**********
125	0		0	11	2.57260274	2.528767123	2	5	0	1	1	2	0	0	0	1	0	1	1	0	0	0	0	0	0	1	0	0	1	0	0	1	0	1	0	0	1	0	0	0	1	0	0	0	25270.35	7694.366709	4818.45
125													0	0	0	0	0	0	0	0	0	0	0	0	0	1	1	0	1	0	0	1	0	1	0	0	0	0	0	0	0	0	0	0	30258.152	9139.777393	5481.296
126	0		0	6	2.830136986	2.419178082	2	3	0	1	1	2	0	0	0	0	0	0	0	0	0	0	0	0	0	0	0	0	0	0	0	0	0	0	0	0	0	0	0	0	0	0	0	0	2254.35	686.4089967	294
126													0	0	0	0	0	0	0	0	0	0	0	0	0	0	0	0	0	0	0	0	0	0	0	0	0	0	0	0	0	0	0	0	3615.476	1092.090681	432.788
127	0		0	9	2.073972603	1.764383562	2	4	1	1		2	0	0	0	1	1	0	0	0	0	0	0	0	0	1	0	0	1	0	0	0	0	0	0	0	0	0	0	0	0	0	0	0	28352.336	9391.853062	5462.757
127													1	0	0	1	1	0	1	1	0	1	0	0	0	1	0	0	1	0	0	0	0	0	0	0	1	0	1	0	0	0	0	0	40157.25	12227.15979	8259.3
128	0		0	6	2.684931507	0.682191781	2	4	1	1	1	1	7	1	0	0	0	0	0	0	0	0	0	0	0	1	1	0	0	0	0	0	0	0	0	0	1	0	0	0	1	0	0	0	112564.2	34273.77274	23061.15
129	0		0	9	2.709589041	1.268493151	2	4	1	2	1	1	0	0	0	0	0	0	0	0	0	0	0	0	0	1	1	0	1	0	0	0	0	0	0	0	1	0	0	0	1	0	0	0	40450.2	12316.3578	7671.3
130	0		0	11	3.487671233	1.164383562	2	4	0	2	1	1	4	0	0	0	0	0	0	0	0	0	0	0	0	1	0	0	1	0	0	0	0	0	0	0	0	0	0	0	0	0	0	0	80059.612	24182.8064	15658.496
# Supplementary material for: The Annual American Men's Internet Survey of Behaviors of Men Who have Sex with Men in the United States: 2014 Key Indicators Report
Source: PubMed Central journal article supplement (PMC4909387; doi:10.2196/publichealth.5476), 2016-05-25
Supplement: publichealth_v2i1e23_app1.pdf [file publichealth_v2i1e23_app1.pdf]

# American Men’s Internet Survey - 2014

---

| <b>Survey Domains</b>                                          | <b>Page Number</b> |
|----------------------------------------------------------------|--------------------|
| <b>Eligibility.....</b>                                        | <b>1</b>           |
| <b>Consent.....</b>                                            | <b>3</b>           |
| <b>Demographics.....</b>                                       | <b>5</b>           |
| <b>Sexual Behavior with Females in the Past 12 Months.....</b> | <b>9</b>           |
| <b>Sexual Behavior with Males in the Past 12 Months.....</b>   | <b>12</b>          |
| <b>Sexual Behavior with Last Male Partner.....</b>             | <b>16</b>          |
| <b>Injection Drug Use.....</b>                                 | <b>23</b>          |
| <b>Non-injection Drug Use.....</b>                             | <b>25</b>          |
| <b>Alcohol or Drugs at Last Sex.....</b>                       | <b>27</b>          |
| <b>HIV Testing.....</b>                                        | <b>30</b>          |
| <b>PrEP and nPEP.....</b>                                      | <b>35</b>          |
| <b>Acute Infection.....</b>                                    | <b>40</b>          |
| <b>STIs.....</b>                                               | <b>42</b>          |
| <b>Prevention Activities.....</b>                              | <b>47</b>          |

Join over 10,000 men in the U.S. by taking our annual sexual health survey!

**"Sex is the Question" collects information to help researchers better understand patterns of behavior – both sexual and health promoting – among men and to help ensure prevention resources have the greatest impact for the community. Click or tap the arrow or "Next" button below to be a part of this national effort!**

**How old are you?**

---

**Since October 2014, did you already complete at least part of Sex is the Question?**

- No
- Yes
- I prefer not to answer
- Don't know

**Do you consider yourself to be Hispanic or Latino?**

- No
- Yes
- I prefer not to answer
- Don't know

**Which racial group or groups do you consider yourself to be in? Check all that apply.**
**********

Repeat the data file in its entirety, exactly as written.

125	0		0	11	2.57260274	2.528767123	2	5	0	1	1	2	0	0	0	1	0	1	1	0	0	0	0	0	0	1	0	0	1	0	0	1	0	1	0	0	1	0	0	0	1	0	0	0	25270.35	7694.366709	4818.45
125													0	0	0	0	0	0	0	0	0	0	0	0	0	1	1	0	1	0	0	1	0	1	0	0	0	0	0	0	0	0	0	0	30258.152	9139.777393	5481.296
126	0		0	6	2.830136986	2.419178082	2	3	0	1	1	2	0	0	0	0	0	0	0	0	0	0	0	0	0	0	0	0	0	0	0	0	0	0	0	0	0	0	0	0	0	0	0	0	2254.35	686.4089967	294
126													0	0	0	0	0	0	0	0	0	0	0	0	0	0	0	0	0	0	0	0	0	0	0	0	0	0	0	0	0	0	0	0	3615.476	1092.090681	432.788
127	0		0	9	2.073972603	1.764383562	2	4	1	1		2	0	0	0	1	1	0	0	0	0	0	0	0	0	1	0	0	1	0	0	0	0	0	0	0	0	0	0	0	0	0	0	0	28352.336	9391.853062	5462.757
127													1	0	0	1	1	0	1	1	0	1	0	0	0	1	0	0	1	0	0	0	0	0	0	0	1	0	1	0	0	0	0	0	40157.25	12227.15979	8259.3
128	0		0	6	2.684931507	0.682191781	2	4	1	1	1	1	7	1	0	0	0	0	0	0	0	0	0	0	0	1	1	0	0	0	0	0	0	0	0	0	1	0	0	0	1	0	0	0	112564.2	34273.77274	23061.15
129	0		0	9	2.709589041	1.268493151	2	4	1	2	1	1	0	0	0	0	0	0	0	0	0	0	0	0	0	1	1	0	1	0	0	0	0	0	0	0	1	0	0	0	1	0	0	0	40450.2	12316.3578	7671.3
130	0		0	11	3.487671233	1.164383562	2	4	0	2	1	1	4	0	0	0	0	0	0	0	0	0	0	0	0	1	0	0	1	0	0	0	0	0	0	0	0	0	0	0	0	0	0	0	80059.612	24182.8064	15658.496
# Supplementary material for: The Annual American Men's Internet Survey of Behaviors of Men Who have Sex with Men in the United States: 2014 Key Indicators Report
Source: PubMed Central journal article supplement (PMC4909387; doi:10.2196/publichealth.5476), 2016-05-25
Supplement: publichealth_v2i1e23_app1.pdf [file publichealth_v2i1e23_app1.pdf]

# American Men’s Internet Survey - 2014

---

| <b>Survey Domains</b>                                          | <b>Page Number</b> |
|----------------------------------------------------------------|--------------------|
| <b>Eligibility.....</b>                                        | <b>1</b>           |
| <b>Consent.....</b>                                            | <b>3</b>           |
| <b>Demographics.....</b>                                       | <b>5</b>           |
| <b>Sexual Behavior with Females in the Past 12 Months.....</b> | <b>9</b>           |
| <b>Sexual Behavior with Males in the Past 12 Months.....</b>   | <b>12</b>          |
| <b>Sexual Behavior with Last Male Partner.....</b>             | <b>16</b>          |
| <b>Injection Drug Use.....</b>                                 | <b>23</b>          |
| <b>Non-injection Drug Use.....</b>                             | <b>25</b>          |
| <b>Alcohol or Drugs at Last Sex.....</b>                       | <b>27</b>          |
| <b>HIV Testing.....</b>                                        | <b>30</b>          |
| <b>PrEP and nPEP.....</b>                                      | <b>35</b>          |
| <b>Acute Infection.....</b>                                    | <b>40</b>          |
| <b>STIs.....</b>                                               | <b>42</b>          |
| <b>Prevention Activities.....</b>                              | <b>47</b>          |

Join over 10,000 men in the U.S. by taking our annual sexual health survey!

**"Sex is the Question" collects information to help researchers better understand patterns of behavior – both sexual and health promoting – among men and to help ensure prevention resources have the greatest impact for the community. Click or tap the arrow or "Next" button below to be a part of this national effort!**

**How old are you?**

---

**Since October 2014, did you already complete at least part of Sex is the Question?**

- No
- Yes
- I prefer not to answer
- Don't know

**Do you consider yourself to be Hispanic or Latino?**

- No
- Yes
- I prefer not to answer
- Don't know

**Which racial group or groups do you consider yourself to be in? Check all that apply.**